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BUJUMBURA (Reuters) - Burundi's leading opposition politician called on President Pierre Nkurunziza to hold talks with rivals and form a national unity government after a disputed election, saying it could help avert a new conflict in the poor African nation.
Agathon Rwasa, a former rebel leader like Nkurunziza in Burundi's civil war, told Reuters action was needed to prevent generals behind a foiled coup in May taking up arms in a crisis triggered by Nkurunziza's bid for a third term in office.
The opposition has accused Nkurunziza of violating the constitution by seeking another term and boycotted Tuesday's vote, all but handing him victory. The president cited a court ruling saying he could run again.
Provisional results could be announced this week.
"Some have already been waving the threat of armed struggle," Rwasa, the head of the opposition Amizero y'Abarundi coalition told Reuters in a villa overlooking the capital.
One of the generals behind the May coup attempt told Reuters this month that force was the only option after dialogue and international pressure had failed to stop Nkurunziza running.
Nkurunziza's third-term bid has plunged the nation into its worst crisis since the end of a civil war in 2005, stoking tensions in a region with a history of ethnic conflict.
"For the sake of Burundi, the idea of a government of national unity can be accepted," Rwasa said.
His demands from the government included preparing for early elections, which meant that any new term for Nkurunziza be limited to six months or a year. He also said those given posts in a unity cabinet must have real influence on policy, to tackle issues such as corruption and fixing strained foreign relations.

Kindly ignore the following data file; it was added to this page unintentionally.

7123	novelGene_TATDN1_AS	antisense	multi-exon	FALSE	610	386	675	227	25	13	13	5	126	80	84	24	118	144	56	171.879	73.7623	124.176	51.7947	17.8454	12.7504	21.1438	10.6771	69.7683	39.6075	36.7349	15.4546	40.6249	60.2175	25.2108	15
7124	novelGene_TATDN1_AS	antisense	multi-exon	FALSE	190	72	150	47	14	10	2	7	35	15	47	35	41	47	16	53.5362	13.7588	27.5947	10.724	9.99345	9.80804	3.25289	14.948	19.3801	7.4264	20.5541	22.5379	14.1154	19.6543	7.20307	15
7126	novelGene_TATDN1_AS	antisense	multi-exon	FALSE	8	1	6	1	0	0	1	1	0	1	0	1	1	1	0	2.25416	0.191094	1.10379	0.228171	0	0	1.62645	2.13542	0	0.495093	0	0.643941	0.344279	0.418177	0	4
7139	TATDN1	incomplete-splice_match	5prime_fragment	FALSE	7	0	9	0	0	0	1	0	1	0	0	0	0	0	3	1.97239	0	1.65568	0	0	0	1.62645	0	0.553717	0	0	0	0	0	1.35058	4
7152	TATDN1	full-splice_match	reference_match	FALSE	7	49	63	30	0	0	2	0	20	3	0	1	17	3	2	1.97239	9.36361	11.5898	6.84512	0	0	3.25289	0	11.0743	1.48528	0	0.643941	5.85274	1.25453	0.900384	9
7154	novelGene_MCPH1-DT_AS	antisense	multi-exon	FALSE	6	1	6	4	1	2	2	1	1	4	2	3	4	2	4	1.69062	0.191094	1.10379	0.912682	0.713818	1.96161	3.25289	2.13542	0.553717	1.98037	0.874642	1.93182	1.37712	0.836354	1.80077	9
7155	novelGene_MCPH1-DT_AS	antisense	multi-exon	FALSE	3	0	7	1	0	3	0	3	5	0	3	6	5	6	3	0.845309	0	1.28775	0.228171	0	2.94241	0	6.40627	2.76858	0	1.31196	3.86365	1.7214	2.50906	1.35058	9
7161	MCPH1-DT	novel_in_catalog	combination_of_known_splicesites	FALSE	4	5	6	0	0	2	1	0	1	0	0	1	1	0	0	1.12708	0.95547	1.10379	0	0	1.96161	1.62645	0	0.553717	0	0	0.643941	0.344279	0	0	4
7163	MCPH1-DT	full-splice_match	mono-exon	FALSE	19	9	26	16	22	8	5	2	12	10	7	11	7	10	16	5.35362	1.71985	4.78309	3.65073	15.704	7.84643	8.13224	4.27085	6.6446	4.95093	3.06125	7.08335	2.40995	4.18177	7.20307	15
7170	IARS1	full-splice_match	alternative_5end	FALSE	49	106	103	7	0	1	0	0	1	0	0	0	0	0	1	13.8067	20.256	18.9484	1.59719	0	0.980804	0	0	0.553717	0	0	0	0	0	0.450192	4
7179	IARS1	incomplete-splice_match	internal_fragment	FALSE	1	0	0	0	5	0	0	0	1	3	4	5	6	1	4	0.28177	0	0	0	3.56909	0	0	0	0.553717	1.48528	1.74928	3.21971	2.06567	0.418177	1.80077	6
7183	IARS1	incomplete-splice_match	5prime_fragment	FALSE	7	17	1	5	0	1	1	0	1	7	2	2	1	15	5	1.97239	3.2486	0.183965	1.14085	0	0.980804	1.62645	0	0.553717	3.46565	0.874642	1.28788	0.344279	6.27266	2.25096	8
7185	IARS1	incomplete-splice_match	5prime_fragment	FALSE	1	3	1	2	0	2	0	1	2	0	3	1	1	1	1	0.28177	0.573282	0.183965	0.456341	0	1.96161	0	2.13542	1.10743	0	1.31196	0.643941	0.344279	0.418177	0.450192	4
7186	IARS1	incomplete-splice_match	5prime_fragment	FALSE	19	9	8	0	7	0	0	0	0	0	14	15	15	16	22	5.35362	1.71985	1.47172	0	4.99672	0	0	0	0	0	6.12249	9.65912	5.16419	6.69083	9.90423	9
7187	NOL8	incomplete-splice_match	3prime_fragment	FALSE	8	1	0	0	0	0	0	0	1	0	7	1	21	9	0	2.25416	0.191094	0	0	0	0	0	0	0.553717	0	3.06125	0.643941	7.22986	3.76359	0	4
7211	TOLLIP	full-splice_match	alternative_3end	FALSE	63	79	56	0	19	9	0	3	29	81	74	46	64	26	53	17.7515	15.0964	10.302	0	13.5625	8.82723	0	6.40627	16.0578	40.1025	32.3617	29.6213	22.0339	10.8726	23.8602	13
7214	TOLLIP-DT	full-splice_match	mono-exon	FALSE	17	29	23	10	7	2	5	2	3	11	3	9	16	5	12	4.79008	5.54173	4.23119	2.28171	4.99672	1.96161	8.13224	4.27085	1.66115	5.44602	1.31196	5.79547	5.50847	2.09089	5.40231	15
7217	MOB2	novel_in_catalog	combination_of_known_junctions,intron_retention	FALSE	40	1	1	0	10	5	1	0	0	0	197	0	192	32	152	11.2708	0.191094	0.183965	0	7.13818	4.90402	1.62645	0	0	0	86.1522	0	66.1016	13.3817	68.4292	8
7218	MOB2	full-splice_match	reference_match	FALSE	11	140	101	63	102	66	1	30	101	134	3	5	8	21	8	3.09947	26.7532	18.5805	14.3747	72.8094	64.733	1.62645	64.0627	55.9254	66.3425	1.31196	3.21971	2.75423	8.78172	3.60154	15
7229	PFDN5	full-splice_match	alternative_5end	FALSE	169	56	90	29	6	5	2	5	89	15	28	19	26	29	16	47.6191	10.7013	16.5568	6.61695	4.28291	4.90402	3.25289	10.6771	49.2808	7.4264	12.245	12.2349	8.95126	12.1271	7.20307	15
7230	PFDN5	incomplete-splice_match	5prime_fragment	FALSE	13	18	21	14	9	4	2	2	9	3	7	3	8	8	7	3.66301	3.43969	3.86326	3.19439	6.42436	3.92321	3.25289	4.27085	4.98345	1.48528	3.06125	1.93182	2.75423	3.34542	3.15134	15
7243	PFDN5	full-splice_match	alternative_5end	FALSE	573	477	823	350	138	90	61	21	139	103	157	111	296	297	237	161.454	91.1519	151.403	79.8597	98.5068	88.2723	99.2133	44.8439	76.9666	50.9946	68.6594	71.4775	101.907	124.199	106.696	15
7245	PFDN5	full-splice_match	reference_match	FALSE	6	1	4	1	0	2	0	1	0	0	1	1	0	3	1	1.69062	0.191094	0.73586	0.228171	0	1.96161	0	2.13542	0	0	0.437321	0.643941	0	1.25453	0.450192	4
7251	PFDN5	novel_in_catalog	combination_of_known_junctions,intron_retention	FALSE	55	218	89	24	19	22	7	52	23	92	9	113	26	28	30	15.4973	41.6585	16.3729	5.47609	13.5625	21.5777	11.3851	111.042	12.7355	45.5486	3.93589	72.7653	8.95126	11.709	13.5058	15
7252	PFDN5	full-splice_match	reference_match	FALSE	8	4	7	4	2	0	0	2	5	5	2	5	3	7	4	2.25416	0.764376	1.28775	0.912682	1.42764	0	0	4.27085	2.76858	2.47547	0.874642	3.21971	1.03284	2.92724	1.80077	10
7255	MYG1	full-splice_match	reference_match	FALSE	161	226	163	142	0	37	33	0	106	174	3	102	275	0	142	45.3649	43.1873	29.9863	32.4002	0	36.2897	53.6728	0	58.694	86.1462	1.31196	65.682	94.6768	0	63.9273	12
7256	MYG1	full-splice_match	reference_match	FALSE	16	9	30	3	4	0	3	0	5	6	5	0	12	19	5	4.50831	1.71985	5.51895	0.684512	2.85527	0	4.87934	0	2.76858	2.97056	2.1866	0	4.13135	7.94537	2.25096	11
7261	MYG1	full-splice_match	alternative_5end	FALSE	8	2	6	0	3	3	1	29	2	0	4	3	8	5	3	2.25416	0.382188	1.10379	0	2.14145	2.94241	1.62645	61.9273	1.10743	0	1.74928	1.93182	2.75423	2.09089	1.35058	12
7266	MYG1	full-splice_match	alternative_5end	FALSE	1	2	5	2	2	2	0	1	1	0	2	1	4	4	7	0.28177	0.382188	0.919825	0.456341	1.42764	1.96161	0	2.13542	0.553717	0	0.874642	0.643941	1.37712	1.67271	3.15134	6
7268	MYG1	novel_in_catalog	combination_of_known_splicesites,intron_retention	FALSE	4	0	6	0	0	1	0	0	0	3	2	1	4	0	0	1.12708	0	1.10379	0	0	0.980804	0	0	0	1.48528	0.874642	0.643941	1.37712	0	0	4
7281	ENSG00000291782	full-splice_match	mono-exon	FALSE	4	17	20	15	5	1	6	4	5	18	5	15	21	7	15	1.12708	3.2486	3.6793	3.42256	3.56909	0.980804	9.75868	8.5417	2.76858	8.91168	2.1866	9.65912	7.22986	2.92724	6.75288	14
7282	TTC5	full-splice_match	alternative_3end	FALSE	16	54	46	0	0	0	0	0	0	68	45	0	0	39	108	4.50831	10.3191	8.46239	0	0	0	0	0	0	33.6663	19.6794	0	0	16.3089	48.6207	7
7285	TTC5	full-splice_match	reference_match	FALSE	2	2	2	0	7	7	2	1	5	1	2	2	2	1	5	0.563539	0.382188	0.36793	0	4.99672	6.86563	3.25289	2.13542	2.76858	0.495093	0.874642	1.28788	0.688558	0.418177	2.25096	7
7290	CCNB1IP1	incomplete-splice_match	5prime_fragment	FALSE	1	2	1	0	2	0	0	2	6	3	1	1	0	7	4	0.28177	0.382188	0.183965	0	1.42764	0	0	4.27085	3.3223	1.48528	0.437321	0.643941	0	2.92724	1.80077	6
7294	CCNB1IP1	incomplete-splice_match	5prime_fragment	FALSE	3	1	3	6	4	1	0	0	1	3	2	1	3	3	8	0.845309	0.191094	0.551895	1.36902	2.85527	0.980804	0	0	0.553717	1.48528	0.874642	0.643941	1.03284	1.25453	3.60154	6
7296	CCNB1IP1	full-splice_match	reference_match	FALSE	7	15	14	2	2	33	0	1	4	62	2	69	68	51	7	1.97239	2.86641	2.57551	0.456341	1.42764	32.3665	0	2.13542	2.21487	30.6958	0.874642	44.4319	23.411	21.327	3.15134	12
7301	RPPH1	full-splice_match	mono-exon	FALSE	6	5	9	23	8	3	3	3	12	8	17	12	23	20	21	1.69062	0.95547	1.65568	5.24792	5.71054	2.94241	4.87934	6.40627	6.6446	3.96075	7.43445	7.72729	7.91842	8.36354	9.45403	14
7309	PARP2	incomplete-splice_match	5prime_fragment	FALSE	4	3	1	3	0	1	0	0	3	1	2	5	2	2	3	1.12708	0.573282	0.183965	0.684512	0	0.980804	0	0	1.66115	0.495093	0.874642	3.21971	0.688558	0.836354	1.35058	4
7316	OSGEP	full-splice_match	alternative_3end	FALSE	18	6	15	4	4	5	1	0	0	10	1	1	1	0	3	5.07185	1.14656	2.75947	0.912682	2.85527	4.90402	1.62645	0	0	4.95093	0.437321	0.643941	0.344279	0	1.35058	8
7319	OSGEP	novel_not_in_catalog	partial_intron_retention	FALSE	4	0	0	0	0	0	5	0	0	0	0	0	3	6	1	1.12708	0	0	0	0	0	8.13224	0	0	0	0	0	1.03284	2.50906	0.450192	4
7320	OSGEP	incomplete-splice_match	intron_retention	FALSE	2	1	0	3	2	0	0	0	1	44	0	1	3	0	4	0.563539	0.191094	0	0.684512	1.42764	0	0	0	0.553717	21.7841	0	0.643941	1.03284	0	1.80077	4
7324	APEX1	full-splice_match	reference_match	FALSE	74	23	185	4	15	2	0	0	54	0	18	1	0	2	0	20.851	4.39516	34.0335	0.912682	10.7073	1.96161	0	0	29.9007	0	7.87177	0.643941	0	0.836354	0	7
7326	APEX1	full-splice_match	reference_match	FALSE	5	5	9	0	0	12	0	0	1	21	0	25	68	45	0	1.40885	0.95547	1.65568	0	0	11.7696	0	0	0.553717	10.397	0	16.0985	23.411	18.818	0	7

President Nkurunziza's adviser said the leader would not oppose a unity government. "We are ready to do so,” Willy Nyamitwe told Reuters. But he rejected as "impossible" the idea of cutting short any new mandate.
Rwasa, a candidate who like others pulled out of the race, is widely seen as Nkurunziza's most formidable rival, with support in the capital and in the countryside, where the president has his powerbase.
Rwasa acknowledged it was "hard to believe" the government would accept a unity government along the lines he outlined, but said international pressure might help push for new elections.
The government has in the past accused the opposition of trying to secure power through talks because they feared defeat at the ballot box. Opponents say the vote was unfair, citing a media clampdown and violence they blamed on the government.
Rwasa said his message to the failed coup plotters now threatening force was: "War can only destroy, while dialogue can help us overcome all these troubles of ours."
The African Union said on Wednesday it had started sending military observers, to check on an agreement to disarm militias, and human rights experts to Burundi.
The tension particularly worries neighboring Rwanda, which has the same ethnic mix and suffered a genocide in 1994 that killed 800,000 people.
Reporting by Edmund Blair and Clement Manirabarusha; Editing by George Obulutsa and Andrew Heavens